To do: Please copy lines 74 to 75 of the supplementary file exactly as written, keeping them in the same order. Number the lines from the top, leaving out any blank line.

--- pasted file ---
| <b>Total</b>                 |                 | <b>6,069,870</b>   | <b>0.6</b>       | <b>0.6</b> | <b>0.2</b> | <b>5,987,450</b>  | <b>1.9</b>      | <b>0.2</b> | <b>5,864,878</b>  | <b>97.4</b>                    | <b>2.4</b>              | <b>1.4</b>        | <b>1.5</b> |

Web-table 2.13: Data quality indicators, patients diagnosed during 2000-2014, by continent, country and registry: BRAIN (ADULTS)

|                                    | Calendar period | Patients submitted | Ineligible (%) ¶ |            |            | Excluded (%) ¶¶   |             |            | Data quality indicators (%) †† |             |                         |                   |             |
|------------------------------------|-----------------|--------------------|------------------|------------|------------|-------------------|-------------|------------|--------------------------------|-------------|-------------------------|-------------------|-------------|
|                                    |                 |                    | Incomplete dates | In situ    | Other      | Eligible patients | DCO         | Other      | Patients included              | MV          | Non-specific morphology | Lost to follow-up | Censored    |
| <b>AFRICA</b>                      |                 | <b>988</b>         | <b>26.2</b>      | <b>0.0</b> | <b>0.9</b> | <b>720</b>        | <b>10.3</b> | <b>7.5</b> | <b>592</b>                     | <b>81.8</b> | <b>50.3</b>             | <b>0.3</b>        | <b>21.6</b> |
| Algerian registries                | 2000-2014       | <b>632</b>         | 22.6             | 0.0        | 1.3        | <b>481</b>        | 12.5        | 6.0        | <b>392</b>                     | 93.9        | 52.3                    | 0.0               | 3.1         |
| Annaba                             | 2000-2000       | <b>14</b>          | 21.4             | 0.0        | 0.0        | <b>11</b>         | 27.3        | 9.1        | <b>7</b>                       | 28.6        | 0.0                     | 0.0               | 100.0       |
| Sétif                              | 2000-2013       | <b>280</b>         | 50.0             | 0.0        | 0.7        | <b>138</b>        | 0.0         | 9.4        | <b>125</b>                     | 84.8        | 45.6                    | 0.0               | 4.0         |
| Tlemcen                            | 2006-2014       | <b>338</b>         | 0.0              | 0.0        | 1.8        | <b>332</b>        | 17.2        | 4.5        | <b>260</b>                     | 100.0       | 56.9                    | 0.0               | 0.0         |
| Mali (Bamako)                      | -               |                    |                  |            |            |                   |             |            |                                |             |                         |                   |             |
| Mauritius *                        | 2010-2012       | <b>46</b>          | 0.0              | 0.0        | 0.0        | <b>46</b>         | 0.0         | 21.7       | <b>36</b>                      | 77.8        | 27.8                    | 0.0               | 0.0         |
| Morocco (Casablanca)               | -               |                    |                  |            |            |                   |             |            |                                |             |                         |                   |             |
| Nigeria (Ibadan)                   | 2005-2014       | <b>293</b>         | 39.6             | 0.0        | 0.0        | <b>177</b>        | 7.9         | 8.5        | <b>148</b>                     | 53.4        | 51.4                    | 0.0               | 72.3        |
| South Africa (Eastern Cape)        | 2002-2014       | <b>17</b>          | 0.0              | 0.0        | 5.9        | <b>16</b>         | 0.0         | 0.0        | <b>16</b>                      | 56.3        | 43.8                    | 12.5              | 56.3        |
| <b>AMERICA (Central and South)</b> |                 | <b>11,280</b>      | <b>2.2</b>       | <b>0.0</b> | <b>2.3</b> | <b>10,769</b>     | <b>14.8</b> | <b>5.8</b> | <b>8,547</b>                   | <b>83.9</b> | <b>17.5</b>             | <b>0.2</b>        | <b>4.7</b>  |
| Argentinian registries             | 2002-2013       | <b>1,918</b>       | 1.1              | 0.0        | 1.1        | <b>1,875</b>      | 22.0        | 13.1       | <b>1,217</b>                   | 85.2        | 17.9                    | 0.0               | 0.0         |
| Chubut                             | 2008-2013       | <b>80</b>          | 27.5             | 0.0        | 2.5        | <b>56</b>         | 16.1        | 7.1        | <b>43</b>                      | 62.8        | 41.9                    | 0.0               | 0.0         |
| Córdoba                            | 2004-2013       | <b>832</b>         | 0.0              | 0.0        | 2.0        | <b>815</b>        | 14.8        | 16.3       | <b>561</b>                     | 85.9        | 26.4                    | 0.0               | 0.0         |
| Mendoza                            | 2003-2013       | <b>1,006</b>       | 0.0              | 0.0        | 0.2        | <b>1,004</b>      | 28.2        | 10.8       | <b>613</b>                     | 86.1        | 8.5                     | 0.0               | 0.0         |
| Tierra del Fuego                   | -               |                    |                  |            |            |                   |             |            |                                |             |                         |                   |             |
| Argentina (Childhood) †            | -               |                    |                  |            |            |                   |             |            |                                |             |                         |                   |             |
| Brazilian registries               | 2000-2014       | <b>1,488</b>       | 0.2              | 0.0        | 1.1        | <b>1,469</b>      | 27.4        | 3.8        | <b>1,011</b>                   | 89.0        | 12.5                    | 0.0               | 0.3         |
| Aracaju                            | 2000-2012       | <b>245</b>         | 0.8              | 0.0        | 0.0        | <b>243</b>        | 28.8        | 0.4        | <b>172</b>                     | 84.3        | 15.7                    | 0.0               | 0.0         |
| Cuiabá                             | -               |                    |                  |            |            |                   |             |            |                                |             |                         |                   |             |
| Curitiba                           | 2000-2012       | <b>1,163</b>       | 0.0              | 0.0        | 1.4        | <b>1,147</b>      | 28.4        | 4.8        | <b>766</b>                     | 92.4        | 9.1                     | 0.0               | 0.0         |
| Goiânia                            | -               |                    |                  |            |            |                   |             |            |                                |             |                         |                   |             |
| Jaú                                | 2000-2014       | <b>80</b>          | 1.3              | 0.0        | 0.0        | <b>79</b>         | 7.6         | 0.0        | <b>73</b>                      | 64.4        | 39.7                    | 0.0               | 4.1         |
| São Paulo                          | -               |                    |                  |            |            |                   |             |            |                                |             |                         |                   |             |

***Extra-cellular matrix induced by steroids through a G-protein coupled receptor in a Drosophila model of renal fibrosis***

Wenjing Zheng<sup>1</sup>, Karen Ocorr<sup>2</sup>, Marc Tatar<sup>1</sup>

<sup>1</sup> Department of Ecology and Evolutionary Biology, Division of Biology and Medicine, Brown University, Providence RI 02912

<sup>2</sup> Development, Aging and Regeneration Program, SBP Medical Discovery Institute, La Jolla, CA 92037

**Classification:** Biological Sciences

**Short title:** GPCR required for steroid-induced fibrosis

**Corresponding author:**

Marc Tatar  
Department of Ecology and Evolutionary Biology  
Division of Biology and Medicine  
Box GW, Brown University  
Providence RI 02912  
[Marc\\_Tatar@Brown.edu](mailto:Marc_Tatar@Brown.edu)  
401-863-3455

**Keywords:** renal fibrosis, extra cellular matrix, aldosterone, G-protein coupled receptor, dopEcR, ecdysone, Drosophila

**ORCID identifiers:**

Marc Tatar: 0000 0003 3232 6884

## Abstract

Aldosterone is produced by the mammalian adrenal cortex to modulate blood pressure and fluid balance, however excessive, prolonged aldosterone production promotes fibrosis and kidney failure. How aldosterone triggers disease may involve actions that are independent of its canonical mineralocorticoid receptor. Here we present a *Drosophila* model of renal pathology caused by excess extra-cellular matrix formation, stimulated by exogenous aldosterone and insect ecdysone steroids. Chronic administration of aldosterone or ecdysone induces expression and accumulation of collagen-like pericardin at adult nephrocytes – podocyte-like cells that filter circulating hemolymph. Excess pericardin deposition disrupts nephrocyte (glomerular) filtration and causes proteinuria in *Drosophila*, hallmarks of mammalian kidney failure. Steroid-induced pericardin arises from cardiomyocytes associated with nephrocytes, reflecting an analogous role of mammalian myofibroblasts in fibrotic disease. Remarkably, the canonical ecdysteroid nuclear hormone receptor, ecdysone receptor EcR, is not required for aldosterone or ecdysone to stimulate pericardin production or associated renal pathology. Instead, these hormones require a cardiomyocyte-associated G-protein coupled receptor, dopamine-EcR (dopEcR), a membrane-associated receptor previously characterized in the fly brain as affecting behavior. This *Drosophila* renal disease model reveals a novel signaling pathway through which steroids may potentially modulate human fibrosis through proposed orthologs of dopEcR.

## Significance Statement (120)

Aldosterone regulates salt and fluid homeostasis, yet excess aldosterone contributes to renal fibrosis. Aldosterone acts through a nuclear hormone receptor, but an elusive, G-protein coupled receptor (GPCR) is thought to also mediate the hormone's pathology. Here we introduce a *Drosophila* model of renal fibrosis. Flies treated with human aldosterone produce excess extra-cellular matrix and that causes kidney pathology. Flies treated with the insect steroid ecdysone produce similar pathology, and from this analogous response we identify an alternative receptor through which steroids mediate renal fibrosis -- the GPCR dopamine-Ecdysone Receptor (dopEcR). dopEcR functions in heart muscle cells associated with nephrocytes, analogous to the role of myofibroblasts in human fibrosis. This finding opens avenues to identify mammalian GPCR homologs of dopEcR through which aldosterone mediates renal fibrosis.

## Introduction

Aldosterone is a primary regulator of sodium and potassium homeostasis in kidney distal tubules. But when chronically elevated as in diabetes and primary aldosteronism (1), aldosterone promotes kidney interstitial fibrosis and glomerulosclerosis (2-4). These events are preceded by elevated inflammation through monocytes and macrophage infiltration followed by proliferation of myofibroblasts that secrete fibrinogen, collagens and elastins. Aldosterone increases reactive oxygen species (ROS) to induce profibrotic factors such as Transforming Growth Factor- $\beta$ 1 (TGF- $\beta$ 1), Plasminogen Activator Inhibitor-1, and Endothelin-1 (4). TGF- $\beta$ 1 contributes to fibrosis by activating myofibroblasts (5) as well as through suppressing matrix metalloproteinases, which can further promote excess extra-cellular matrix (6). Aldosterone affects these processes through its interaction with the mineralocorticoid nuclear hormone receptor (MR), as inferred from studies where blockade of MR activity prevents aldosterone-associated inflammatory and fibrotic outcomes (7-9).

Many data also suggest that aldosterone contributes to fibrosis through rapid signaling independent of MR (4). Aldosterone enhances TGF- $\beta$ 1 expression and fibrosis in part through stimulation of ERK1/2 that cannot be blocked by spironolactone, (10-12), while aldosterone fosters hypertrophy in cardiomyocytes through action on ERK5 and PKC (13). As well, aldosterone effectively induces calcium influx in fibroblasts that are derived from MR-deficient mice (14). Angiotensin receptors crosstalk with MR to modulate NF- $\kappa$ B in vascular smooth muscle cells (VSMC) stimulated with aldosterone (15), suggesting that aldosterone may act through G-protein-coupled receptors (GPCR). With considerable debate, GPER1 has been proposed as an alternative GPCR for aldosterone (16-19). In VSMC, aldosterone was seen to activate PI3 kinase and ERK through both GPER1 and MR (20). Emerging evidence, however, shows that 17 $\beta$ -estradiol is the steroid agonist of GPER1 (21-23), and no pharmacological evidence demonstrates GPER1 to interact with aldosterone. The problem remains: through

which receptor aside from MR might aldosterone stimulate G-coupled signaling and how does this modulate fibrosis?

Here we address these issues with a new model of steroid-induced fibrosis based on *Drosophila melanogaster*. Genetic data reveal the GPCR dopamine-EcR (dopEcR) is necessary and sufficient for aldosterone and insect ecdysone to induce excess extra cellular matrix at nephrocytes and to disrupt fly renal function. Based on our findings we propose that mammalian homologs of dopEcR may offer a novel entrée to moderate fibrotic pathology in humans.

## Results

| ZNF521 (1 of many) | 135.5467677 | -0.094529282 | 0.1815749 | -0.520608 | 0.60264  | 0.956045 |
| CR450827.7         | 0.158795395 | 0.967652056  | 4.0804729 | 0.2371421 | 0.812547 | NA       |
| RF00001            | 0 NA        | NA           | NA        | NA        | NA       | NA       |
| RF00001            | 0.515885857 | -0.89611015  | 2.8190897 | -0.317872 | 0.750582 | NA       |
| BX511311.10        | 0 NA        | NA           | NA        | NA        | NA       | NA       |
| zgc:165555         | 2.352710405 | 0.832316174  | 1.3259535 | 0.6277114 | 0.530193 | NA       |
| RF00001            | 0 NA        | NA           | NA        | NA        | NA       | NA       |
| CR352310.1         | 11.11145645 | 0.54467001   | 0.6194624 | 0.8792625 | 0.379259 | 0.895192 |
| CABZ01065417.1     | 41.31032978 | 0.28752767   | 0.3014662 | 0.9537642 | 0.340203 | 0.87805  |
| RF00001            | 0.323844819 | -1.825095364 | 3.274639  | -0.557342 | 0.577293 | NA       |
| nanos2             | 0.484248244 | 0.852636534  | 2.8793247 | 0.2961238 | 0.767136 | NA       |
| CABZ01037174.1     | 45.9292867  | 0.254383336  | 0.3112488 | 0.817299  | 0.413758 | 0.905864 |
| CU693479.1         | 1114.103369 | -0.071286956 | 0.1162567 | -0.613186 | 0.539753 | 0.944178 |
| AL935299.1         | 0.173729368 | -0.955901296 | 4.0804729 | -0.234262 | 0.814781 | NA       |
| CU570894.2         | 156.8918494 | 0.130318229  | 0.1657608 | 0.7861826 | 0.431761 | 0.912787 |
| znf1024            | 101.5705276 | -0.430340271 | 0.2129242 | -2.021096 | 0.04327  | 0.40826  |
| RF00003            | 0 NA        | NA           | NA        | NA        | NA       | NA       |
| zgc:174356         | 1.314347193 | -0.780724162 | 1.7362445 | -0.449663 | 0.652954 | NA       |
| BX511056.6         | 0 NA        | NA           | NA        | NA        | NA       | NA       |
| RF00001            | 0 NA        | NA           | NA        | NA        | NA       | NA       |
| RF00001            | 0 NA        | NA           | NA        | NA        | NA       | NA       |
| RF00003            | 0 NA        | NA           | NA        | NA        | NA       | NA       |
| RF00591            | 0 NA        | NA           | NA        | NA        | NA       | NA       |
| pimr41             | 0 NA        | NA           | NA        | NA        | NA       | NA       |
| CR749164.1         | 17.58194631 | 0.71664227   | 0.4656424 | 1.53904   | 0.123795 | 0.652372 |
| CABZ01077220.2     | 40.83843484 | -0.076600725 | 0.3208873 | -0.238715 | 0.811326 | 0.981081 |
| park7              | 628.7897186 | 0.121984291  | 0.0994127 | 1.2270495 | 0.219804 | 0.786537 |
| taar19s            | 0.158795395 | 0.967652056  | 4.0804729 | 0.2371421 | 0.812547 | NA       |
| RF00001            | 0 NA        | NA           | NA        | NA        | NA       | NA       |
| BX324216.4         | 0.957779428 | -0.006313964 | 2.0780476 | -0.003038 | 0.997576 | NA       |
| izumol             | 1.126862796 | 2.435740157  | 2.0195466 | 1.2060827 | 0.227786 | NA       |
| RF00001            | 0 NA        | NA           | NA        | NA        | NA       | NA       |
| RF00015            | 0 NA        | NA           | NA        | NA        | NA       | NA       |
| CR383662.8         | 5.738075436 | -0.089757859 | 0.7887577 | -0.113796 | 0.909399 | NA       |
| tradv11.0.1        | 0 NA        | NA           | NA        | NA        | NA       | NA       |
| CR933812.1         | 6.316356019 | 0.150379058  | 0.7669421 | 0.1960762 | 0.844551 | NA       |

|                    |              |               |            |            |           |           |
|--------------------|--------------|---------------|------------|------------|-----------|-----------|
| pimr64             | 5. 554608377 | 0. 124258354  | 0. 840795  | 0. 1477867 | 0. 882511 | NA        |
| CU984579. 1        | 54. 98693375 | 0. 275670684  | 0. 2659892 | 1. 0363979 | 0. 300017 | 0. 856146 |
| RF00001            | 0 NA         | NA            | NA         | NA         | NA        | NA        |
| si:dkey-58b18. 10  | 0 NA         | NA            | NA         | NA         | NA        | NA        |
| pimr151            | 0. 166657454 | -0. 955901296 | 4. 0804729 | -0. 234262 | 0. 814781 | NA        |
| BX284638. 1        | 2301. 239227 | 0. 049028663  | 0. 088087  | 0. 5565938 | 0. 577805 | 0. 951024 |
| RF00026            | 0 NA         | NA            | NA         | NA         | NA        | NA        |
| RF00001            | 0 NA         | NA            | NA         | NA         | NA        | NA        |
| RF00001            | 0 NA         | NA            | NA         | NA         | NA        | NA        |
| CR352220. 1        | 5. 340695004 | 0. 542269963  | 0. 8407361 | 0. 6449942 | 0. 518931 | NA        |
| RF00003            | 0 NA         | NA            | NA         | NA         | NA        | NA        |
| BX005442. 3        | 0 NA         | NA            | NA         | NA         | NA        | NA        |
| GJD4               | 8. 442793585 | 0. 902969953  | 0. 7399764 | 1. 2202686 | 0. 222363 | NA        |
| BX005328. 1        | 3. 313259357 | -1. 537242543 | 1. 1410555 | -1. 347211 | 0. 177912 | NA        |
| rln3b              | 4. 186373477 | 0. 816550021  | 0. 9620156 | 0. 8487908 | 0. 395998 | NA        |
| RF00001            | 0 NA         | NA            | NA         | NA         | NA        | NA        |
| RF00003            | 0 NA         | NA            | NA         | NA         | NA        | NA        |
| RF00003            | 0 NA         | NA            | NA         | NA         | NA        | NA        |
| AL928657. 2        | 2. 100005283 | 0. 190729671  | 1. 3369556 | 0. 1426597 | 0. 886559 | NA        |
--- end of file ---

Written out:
| zgc:174356         | 1.314347193 | -0.780724162 | 1.7362445 | -0.449663 | 0.652954 | NA       |
| BX511056.6         | 0 NA        | NA           | NA        | NA        | NA       | NA       |